3. It is the first lodge you see when you turn the corner in Caalan. The entire Caalan beach is also somewhat extensive and there are so many things to see and places to be at there too.
It was nice that my 2.5 year old goddaughter, Hiraya, was there too. Hiraya is Likha’s daughter. Likha and I were together a lot when I was living in El Nido back in 2005. He, my co-teacher Eric, together with Derrick, our neighbor who also happens to own a boat and is also a licensed tour guide, and I, could be seen together frequently back then. I first saw Hiraya back in 2010 when she was just 3 months old. She is a quite the replica of Likha’s wife Dada.
Not without a little embarrassment, I set out to write this blog that will let people know what I have been up to the past month, and that is – make-up.
I have never been into make-up really. I was always the tomboyish kind. My sister always had to remind me to powder my face, and the only thing I don’t ever go without is eyeliner; but because I have been close to being bored to death the past month, I decided to try out something different.
So I started frequenting Martha’s beauty blog, not for anything but because it was different from most sites I visit, “most” meaning mommy blogs, artist blogs, writer blogs, travel blogs, and photography sites. Martha has always been into make-up. I had loved seeing her all made up when we we’re still working together in theater. It’s not that I have not been into make-up at all. Being a theater person required you knew how to put on make-up on yourself, but I was not quite inclined to putting make-up on regularly or when going out.
Last month, I decided I wanted to try out a personal make-up class. So for one afternoon, together with make-up artist Leah Tulang of The Make-up Corner, we set out to do all kinds of basic make-up on ourselves. Not that I didn’t know that already, I just wanted to see if there was something else out there I needed to know.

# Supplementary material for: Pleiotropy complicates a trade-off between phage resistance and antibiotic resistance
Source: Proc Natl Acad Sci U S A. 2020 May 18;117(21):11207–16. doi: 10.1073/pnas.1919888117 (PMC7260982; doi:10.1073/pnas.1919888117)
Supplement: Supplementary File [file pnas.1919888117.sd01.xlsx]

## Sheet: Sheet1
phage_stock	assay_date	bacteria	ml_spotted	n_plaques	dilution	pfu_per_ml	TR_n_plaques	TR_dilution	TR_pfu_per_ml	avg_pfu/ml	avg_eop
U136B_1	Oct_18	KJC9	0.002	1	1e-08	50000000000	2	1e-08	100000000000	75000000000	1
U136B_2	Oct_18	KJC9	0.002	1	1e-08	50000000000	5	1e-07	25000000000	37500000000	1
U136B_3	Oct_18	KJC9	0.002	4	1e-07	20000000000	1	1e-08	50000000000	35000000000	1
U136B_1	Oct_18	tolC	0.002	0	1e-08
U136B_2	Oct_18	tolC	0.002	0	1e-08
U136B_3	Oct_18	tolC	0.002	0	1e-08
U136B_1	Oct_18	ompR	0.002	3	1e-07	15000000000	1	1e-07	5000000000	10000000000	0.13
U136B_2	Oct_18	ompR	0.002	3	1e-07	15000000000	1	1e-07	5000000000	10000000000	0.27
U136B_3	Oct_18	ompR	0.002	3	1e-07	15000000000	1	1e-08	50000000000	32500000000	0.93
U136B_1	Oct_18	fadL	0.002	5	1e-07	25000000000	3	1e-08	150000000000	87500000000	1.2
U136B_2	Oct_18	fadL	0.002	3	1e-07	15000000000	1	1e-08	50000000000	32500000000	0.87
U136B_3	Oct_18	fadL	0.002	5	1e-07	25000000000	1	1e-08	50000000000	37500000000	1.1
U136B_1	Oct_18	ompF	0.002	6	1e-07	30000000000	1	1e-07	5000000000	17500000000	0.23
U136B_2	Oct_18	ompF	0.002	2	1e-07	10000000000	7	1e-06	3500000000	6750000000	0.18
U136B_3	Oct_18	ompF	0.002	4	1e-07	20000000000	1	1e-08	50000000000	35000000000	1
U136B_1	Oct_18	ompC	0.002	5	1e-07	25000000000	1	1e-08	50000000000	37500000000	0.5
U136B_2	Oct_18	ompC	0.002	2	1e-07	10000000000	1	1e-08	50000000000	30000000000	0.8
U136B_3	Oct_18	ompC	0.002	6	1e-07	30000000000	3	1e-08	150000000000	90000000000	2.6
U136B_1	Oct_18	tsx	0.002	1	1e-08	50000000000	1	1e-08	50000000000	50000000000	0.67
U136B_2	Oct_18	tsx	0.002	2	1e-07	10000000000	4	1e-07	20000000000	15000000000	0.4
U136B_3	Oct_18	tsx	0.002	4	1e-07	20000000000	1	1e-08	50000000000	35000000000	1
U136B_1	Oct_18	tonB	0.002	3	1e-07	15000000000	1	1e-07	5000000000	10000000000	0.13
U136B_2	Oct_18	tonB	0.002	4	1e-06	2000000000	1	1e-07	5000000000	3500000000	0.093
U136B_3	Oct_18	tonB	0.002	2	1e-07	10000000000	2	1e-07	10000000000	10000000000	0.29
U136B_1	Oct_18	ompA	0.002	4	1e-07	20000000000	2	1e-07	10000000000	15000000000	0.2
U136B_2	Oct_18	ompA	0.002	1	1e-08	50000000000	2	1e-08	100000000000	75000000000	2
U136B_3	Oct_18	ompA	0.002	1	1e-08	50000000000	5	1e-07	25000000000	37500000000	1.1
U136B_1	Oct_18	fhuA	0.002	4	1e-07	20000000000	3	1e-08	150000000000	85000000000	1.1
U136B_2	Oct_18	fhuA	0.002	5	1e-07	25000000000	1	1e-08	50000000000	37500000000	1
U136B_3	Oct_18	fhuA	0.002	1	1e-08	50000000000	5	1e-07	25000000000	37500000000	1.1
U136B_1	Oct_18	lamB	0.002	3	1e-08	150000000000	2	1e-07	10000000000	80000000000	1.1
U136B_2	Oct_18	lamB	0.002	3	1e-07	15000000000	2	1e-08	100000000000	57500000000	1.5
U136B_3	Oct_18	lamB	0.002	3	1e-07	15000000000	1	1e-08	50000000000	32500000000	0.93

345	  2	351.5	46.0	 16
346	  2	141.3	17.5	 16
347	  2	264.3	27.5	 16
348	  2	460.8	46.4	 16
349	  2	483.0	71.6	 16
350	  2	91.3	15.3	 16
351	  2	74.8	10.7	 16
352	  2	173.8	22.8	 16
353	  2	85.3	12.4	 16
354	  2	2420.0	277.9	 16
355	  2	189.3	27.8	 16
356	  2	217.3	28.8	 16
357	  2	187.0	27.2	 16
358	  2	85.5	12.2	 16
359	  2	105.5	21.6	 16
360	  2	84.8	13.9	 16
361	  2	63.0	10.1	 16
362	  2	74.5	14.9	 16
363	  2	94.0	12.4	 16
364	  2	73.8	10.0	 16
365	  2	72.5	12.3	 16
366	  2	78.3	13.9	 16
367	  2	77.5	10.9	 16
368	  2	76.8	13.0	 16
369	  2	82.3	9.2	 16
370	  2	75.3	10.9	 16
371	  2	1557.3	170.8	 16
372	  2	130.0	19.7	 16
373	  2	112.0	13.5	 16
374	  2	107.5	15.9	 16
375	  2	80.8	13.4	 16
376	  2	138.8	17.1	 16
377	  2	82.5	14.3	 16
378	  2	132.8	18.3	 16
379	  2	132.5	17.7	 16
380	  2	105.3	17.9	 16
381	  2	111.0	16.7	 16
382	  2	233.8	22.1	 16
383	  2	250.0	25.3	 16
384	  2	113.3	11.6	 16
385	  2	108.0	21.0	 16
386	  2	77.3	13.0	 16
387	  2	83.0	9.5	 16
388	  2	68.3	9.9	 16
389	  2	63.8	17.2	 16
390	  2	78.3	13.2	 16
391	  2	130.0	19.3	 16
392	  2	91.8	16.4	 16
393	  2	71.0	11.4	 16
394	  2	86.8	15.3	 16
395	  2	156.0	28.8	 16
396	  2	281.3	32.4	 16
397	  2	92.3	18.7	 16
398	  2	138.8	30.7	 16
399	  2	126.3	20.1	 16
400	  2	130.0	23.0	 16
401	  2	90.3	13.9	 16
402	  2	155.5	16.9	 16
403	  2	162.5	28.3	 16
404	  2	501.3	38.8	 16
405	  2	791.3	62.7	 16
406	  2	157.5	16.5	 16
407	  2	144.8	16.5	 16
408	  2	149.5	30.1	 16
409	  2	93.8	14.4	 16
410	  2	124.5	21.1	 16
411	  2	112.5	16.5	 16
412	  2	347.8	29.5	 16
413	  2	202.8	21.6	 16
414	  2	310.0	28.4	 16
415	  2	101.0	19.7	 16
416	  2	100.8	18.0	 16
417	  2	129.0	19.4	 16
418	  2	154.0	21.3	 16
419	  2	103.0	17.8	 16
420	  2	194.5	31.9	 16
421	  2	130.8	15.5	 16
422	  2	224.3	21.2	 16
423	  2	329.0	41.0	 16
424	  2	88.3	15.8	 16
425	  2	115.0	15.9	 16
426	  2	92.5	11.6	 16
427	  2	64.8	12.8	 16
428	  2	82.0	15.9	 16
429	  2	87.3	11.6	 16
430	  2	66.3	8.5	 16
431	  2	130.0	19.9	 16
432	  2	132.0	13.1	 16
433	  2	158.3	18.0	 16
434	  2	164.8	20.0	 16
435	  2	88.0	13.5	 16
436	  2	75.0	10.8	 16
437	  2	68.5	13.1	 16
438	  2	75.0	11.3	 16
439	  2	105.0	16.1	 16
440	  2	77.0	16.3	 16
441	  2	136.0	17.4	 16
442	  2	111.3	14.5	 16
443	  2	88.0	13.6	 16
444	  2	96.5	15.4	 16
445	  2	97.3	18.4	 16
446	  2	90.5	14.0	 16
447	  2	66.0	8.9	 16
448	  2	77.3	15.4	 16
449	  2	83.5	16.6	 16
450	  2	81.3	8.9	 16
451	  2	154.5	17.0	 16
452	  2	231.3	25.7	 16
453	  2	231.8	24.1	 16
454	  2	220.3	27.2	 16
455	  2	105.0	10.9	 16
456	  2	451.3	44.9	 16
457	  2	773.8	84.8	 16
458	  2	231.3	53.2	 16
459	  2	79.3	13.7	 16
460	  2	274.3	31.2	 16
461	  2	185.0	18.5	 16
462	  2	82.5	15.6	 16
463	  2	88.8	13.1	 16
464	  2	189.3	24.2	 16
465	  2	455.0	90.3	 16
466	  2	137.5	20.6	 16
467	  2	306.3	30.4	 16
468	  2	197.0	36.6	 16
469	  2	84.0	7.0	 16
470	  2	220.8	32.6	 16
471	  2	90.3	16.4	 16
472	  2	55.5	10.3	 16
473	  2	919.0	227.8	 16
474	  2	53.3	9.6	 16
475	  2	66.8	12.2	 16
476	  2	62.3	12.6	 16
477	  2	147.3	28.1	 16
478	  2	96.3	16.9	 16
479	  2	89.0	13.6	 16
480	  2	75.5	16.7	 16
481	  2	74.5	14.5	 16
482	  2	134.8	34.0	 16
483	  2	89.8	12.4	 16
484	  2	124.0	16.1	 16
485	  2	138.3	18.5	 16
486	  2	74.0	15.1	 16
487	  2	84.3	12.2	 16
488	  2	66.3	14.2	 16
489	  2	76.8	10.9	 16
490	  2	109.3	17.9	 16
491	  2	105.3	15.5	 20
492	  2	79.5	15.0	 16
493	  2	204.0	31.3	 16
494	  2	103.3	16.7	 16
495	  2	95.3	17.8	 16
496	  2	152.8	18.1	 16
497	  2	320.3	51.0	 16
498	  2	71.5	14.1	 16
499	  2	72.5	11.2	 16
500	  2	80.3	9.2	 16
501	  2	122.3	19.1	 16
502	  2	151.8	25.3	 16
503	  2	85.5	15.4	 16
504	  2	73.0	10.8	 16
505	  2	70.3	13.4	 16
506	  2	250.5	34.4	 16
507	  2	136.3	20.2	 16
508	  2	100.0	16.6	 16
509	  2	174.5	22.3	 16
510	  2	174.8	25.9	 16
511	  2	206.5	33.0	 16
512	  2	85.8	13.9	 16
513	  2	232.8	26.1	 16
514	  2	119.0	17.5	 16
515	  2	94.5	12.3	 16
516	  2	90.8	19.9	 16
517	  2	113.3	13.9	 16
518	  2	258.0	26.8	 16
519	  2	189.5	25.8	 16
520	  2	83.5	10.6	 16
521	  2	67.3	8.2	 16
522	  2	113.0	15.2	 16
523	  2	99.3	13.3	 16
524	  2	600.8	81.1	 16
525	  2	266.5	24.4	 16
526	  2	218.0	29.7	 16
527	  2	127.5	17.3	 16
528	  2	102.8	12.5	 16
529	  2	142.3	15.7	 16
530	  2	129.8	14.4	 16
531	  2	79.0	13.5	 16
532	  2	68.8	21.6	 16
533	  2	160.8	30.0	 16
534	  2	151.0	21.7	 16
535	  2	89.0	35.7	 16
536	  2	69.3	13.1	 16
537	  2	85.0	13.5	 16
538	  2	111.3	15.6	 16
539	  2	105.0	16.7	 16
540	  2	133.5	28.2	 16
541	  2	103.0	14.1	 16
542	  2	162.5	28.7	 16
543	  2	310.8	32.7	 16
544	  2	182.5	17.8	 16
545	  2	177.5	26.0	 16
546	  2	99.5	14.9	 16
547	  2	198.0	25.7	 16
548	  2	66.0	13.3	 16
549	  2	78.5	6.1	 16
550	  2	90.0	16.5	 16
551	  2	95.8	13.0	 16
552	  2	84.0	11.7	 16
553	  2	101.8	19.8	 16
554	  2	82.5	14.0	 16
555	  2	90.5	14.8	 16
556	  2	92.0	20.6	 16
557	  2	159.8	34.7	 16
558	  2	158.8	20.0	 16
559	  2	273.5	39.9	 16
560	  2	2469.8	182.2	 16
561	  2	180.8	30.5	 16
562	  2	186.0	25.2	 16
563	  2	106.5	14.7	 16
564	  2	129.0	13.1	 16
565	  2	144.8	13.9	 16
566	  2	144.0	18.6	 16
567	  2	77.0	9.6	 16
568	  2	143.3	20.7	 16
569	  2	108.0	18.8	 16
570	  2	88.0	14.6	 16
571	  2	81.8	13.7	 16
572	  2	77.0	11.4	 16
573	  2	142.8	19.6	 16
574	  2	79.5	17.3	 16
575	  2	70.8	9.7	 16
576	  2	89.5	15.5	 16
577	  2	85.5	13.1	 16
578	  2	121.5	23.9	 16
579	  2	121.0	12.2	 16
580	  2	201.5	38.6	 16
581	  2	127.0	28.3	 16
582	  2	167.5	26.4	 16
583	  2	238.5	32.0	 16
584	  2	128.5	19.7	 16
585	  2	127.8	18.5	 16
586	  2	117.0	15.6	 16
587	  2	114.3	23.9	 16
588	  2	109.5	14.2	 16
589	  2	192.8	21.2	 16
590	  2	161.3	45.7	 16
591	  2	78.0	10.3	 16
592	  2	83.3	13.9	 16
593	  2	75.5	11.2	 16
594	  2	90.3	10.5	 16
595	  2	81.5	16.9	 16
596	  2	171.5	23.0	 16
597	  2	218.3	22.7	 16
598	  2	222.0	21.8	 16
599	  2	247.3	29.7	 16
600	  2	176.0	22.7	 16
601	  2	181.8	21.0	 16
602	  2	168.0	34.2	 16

Night Make-up Look, with Leah Tulang
Yes, I looked different. How fun! I even look like I have more weight on me than actual. Or maybe that wicked grin was just me trying to make my red lipsticked lips look thinner.
We then moved on to doing the smoky eyes look that I have always been curious to learn. Ta-dah! Smoky eyes look achieved, I suppose. This photo was taken at home, after it endured four hours of travel, a movie and walking in the rain.
After being at a rock bar nearly every night for almost a year and being exposed to different kinds of music and different kinds of people, should it come as a surprise if, being back in Manila and just staying at home, I always long for it?
I had loved being around people and being out at night, that is the only possible reason why I stayed that long.
These days, I find myself always longing to come out late at night and look for where the music and the people are. It’s just me looking for me.
My nights last year always started out with a cup of coffee, either at my favorite Starbucks branch in Magsaysay Avenue or a cup my staff made for me, that I quietly enjoyed either by the large windows of Wharf Galley overlooking Magsaysay Avenue or the tables at Kebob downstairs. Starbucks is only my third favorite coffee shop, after Coffee Bean and Tea Leaf and Bo’s Coffee, but in Naga, I had loved hanging out there because of the big trees outside. I had loved the open air tables, where pieces of flowers and dried leaves blew with the breeze. More